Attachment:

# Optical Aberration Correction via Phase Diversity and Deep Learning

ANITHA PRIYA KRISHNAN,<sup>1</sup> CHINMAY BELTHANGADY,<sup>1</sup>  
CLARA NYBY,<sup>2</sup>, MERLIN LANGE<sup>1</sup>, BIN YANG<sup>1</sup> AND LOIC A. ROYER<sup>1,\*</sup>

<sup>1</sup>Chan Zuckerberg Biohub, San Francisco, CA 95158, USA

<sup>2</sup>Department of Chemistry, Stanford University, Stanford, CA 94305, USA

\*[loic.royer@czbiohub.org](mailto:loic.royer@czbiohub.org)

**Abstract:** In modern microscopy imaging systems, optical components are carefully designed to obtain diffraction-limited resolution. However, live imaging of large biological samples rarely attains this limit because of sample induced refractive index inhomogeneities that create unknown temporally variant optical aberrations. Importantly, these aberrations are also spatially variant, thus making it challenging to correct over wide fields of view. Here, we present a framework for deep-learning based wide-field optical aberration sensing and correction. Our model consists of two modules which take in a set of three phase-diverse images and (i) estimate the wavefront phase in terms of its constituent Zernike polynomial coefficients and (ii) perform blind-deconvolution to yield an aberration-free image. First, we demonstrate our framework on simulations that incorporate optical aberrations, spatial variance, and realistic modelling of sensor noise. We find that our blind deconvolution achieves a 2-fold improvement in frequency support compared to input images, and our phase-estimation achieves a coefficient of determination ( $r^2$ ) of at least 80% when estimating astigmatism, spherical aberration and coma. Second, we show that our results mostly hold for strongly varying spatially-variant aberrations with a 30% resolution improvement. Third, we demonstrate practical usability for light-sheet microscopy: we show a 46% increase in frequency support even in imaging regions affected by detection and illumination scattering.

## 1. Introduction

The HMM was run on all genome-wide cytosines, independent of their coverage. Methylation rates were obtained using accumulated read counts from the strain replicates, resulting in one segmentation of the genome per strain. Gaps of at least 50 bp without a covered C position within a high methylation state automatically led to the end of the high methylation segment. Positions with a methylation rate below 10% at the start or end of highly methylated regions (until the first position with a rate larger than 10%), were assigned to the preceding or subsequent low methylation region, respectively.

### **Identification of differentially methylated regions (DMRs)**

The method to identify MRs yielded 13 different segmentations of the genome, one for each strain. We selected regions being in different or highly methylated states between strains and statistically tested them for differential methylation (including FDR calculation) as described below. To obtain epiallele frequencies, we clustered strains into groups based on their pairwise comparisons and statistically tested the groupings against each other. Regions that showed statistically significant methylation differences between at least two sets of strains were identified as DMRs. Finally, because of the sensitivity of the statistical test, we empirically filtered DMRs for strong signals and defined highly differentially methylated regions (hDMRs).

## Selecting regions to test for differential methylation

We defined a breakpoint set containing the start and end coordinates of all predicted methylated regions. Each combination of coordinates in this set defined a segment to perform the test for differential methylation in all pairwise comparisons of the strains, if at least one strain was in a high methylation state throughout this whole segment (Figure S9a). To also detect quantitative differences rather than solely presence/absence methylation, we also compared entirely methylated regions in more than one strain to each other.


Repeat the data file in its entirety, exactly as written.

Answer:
# Optical Aberration Correction via Phase Diversity and Deep Learning

ANITHA PRIYA KRISHNAN,<sup>1</sup> CHINMAY BELTHANGADY,<sup>1</sup>  
CLARA NYBY,<sup>2</sup>, MERLIN LANGE<sup>1</sup>, BIN YANG<sup>1</sup> AND LOIC A. ROYER<sup>1,\*</sup>

<sup>1</sup>Chan Zuckerberg Biohub, San Francisco, CA 95158, USA

<sup>2</sup>Department of Chemistry, Stanford University, Stanford, CA 94305, USA

\*[loic.royer@czbiohub.org](mailto:loic.royer@czbiohub.org)

**Abstract:** In modern microscopy imaging systems, optical components are carefully designed to obtain diffraction-limited resolution. However, live imaging of large biological samples rarely attains this limit because of sample induced refractive index inhomogeneities that create unknown temporally variant optical aberrations. Importantly, these aberrations are also spatially variant, thus making it challenging to correct over wide fields of view. Here, we present a framework for deep-learning based wide-field optical aberration sensing and correction. Our model consists of two modules which take in a set of three phase-diverse images and (i) estimate the wavefront phase in terms of its constituent Zernike polynomial coefficients and (ii) perform blind-deconvolution to yield an aberration-free image. First, we demonstrate our framework on simulations that incorporate optical aberrations, spatial variance, and realistic modelling of sensor noise. We find that our blind deconvolution achieves a 2-fold improvement in frequency support compared to input images, and our phase-estimation achieves a coefficient of determination ( $r^2$ ) of at least 80% when estimating astigmatism, spherical aberration and coma. Second, we show that our results mostly hold for strongly varying spatially-variant aberrations with a 30% resolution improvement. Third, we demonstrate practical usability for light-sheet microscopy: we show a 46% increase in frequency support even in imaging regions affected by detection and illumination scattering.

## 1. Introduction

The HMM was run on all genome-wide cytosines, independent of their coverage. Methylation rates were obtained using accumulated read counts from the strain replicates, resulting in one segmentation of the genome per strain. Gaps of at least 50 bp without a covered C position within a high methylation state automatically led to the end of the high methylation segment. Positions with a methylation rate below 10% at the start or end of highly methylated regions (until the first position with a rate larger than 10%), were assigned to the preceding or subsequent low methylation region, respectively.

### **Identification of differentially methylated regions (DMRs)**

The method to identify MRs yielded 13 different segmentations of the genome, one for each strain. We selected regions being in different or highly methylated states between strains and statistically tested them for differential methylation (including FDR calculation) as described below. To obtain epiallele frequencies, we clustered strains into groups based on their pairwise comparisons and statistically tested the groupings against each other. Regions that showed statistically significant methylation differences between at least two sets of strains were identified as DMRs. Finally, because of the sensitivity of the statistical test, we empirically filtered DMRs for strong signals and defined highly differentially methylated regions (hDMRs).

## Selecting regions to test for differential methylation

We defined a breakpoint set containing the start and end coordinates of all predicted methylated regions. Each combination of coordinates in this set defined a segment to perform the test for differential methylation in all pairwise comparisons of the strains, if at least one strain was in a high methylation state throughout this whole segment (Figure S9a). To also detect quantitative differences rather than solely presence/absence methylation, we also compared entirely methylated regions in more than one strain to each other.